Sparassis americana

Scientific name:  Sparassis americana R. H. Petersen
Derivation of nameamericana means the fungus was
named after the United States of America, which was
named after explorer Amerigo Vespucci.  
Synonyms:  Sparassis crispa (Wulfen) Fr.,
Sparassis radicata Weir
Common name(s):  Rooting cauliflower mushroom, conifer
cauliflower mushroom, American cauliflower mushroom
Phylum:   Basidiomycota
Order:   Polyporales
Family:   Sparassidaceae
Occurrence on wood substrate:  Saprobic/parasitic; solitary
or in groups on the ground near conifer trunks or stumps or
sometimes on well-decayed conifer logs and stumps; August
through October.  
Dimensions:  The entire complex mass of flattened branches
may be up to 40 cm and high and 20 cm (or more) wide.   
Description: This fungus occurs as a compact cluster of
flattened, leaf-like branches (called flabellae) which are highly
contorted ("crinkled"). The flabellae do not have distinct color
zonations (i.e., they are azonate) but the margins are typically
darkest at their tips and variously incised. Overall, it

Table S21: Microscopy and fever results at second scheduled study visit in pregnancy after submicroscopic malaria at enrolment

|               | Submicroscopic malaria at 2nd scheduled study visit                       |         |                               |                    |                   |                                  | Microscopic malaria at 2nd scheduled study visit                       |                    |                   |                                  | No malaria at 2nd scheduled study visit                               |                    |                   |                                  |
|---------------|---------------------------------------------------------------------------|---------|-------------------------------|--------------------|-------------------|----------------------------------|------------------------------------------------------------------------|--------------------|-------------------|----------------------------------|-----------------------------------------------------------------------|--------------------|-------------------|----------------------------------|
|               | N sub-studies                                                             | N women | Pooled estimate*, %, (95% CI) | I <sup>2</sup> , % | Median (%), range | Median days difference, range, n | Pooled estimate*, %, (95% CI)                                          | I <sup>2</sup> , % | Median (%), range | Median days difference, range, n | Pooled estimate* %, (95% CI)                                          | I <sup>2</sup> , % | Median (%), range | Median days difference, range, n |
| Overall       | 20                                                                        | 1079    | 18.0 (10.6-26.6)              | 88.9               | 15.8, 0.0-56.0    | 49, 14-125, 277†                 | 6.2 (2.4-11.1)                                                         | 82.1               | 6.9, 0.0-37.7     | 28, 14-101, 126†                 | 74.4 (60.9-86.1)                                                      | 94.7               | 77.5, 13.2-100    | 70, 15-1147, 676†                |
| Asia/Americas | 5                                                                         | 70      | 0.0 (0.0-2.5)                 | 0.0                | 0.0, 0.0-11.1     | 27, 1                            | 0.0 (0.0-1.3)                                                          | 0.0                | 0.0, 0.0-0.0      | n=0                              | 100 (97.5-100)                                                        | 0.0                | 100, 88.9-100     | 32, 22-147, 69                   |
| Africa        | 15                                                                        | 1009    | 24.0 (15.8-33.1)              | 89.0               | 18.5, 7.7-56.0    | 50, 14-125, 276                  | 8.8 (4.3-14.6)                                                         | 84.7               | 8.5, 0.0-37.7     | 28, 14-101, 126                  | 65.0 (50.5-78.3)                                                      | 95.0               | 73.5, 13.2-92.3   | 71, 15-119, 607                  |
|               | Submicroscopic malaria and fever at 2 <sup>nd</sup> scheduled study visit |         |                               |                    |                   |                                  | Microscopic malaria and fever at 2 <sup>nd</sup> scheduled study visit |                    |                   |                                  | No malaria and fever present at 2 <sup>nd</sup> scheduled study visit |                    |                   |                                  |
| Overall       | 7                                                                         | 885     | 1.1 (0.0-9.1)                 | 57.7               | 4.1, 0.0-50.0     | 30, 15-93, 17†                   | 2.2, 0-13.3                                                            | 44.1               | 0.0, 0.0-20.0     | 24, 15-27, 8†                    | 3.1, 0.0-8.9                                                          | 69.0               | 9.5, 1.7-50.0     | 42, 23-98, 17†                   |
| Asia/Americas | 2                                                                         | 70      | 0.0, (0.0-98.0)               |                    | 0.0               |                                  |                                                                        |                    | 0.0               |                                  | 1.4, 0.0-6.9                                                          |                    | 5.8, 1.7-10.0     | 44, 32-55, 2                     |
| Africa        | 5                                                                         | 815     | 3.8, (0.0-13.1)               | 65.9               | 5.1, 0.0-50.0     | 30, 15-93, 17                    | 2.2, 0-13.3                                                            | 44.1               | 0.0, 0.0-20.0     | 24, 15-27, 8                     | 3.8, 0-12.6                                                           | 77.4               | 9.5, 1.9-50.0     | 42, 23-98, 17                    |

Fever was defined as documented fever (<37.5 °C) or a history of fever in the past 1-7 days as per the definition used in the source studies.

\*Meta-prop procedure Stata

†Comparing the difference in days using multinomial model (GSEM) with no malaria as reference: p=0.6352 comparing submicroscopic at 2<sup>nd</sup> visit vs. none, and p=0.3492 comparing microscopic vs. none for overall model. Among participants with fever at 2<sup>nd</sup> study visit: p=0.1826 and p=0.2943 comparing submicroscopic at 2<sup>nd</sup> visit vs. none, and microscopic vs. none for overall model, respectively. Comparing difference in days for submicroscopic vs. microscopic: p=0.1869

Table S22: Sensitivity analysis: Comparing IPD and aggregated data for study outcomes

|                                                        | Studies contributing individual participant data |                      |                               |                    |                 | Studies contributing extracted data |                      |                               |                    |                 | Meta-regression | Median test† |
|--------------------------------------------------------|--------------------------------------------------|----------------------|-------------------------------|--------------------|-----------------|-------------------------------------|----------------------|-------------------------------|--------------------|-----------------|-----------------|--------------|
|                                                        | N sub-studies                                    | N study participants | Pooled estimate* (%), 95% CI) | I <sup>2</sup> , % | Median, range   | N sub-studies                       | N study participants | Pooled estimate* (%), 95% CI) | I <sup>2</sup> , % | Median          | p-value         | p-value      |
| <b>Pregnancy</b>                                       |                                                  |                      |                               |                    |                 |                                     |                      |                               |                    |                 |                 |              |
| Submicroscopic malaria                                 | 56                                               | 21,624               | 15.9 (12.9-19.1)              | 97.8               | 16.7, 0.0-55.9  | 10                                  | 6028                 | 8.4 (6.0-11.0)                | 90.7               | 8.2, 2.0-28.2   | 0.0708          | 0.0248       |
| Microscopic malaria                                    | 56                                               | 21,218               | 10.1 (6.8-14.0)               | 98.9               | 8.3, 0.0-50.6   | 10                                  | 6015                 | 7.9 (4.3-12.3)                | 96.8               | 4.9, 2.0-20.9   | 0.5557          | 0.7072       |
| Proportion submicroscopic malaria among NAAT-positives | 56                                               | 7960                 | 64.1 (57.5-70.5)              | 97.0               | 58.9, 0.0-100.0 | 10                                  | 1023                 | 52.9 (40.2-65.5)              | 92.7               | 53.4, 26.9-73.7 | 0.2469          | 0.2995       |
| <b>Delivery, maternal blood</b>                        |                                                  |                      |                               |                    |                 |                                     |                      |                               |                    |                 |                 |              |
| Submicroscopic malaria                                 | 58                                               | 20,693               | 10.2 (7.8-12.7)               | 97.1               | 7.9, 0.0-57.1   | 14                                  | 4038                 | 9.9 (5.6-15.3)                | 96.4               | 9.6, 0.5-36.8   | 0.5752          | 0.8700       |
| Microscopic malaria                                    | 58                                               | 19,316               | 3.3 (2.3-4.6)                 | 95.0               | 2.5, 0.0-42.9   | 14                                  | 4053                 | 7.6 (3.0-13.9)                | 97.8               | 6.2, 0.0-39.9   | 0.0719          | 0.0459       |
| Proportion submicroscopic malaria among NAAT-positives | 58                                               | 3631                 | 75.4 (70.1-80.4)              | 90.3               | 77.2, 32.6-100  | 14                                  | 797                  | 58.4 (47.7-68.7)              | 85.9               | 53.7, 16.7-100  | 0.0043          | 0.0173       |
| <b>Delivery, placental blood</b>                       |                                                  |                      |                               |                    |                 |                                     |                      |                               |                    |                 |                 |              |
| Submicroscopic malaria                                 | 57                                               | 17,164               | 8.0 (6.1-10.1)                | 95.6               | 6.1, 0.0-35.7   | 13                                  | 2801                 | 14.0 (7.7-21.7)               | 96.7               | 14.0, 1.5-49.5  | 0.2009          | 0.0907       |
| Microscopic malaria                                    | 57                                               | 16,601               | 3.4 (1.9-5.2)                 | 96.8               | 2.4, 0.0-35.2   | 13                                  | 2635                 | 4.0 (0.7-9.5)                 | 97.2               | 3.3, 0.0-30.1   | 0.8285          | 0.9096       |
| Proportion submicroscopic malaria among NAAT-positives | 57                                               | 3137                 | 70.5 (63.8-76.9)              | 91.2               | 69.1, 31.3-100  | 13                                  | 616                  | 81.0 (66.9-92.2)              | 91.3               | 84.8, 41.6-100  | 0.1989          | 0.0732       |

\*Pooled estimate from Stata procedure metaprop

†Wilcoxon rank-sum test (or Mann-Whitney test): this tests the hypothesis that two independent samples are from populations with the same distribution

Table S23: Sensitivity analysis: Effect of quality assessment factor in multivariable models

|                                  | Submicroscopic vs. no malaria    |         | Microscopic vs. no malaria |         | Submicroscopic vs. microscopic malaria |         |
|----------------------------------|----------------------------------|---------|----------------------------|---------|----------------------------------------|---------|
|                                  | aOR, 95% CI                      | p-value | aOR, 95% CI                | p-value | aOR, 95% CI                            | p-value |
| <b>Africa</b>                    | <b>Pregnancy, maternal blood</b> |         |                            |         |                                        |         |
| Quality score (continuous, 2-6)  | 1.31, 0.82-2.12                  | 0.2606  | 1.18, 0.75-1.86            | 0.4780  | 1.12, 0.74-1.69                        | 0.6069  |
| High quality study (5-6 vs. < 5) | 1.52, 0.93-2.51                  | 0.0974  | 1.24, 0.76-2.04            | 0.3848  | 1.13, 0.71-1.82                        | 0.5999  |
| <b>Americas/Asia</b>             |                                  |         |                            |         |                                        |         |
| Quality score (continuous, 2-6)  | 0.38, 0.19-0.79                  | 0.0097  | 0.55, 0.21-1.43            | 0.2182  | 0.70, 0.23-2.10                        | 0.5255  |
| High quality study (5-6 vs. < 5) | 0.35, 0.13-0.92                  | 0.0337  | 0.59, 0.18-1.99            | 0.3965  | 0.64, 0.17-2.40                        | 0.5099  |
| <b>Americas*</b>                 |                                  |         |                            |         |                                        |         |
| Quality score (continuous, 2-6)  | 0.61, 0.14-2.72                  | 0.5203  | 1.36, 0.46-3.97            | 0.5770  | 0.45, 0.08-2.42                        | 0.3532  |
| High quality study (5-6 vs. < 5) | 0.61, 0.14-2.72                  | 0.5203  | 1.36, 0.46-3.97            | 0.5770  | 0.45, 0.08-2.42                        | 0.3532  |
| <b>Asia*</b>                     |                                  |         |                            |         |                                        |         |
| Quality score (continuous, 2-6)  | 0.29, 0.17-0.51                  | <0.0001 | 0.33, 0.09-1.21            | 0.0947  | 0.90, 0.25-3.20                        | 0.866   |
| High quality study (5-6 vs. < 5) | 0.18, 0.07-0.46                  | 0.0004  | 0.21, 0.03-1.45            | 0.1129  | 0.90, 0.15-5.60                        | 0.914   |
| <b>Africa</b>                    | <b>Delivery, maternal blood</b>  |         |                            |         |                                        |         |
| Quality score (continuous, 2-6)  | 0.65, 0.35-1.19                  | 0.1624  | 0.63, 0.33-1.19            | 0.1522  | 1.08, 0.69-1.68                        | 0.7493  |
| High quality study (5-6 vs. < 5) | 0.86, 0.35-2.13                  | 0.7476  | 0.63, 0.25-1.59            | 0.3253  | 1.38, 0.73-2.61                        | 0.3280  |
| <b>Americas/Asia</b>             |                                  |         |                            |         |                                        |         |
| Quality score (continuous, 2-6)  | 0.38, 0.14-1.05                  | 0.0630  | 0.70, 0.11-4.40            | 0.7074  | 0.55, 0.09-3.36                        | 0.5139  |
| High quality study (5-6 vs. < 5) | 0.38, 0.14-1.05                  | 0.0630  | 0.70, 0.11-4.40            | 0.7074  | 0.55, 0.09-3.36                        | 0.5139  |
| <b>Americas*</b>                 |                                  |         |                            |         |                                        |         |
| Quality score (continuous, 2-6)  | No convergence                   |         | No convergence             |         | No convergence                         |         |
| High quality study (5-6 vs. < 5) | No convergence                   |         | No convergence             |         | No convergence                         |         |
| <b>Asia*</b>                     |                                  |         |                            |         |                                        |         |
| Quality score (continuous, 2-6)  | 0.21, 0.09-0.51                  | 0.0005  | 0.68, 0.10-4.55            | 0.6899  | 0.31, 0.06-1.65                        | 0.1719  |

resembles a large head of leafy lettuce or a brain or perhaps
cauliflower. The overall color is white to cream to pale
yellow to tan. The branches arise from a thick (2-5 cm),
tough, deeply rooted (5-14 cm) dark brown to black central
Edibility: This is considered a choice edible species.
Older field guides may list the scientific name
of this species as Sparassis crispa or Sparassis radicata.
DNA studies indicate S. crispa is a European species that
does not occur in North America. As a result, our eastern
North American species was named S. americana, even
though the two taxa are quite similar. S. radicata is a species
of the Pacific Northwest.
More information at
More information at

Figure 1. What comes to mind? Noodles? Lettuce?
Cauliflower? A brain? There are reports of fruiting
bodies up to 50 pounds. If the root is left in the
ground, the fungus will appear for several years at
the same spot. Photo © Gary Emberger.

Figure 2. The flabellae are azonate and the margins are
highly contorted. Photo © Gary Emberger.


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